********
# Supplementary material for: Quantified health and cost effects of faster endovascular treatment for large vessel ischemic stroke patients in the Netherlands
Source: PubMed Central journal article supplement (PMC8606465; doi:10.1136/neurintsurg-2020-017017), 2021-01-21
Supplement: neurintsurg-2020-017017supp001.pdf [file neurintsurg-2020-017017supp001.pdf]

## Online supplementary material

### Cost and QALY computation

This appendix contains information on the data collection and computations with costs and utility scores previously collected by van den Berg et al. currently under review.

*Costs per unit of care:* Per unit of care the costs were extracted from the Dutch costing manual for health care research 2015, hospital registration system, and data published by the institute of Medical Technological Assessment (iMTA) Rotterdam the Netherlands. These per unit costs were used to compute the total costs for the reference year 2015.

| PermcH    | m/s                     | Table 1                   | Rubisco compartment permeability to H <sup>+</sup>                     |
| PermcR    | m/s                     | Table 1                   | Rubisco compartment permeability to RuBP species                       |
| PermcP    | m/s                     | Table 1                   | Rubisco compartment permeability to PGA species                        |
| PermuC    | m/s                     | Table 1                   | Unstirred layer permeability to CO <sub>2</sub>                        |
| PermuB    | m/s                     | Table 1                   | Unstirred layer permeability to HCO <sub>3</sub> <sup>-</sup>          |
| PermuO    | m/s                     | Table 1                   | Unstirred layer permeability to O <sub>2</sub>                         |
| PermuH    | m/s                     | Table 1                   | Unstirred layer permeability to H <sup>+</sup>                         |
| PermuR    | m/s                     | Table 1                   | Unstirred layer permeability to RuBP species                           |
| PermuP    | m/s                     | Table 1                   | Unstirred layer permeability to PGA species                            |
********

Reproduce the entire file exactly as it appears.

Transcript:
# Supplementary material for: Quantified health and cost effects of faster endovascular treatment for large vessel ischemic stroke patients in the Netherlands
Source: PubMed Central journal article supplement (PMC8606465; doi:10.1136/neurintsurg-2020-017017), 2021-01-21
Supplement: neurintsurg-2020-017017supp001.pdf [file neurintsurg-2020-017017supp001.pdf]

## Online supplementary material

### Cost and QALY computation

This appendix contains information on the data collection and computations with costs and utility scores previously collected by van den Berg et al. currently under review.

*Costs per unit of care:* Per unit of care the costs were extracted from the Dutch costing manual for health care research 2015, hospital registration system, and data published by the institute of Medical Technological Assessment (iMTA) Rotterdam the Netherlands. These per unit costs were used to compute the total costs for the reference year 2015.

| PermcH    | m/s                     | Table 1                   | Rubisco compartment permeability to H <sup>+</sup>                     |
| PermcR    | m/s                     | Table 1                   | Rubisco compartment permeability to RuBP species                       |
| PermcP    | m/s                     | Table 1                   | Rubisco compartment permeability to PGA species                        |
| PermuC    | m/s                     | Table 1                   | Unstirred layer permeability to CO <sub>2</sub>                        |
| PermuB    | m/s                     | Table 1                   | Unstirred layer permeability to HCO <sub>3</sub> <sup>-</sup>          |
| PermuO    | m/s                     | Table 1                   | Unstirred layer permeability to O <sub>2</sub>                         |
| PermuH    | m/s                     | Table 1                   | Unstirred layer permeability to H <sup>+</sup>                         |
| PermuR    | m/s                     | Table 1                   | Unstirred layer permeability to RuBP species                           |
| PermuP    | m/s                     | Table 1                   | Unstirred layer permeability to PGA species                            |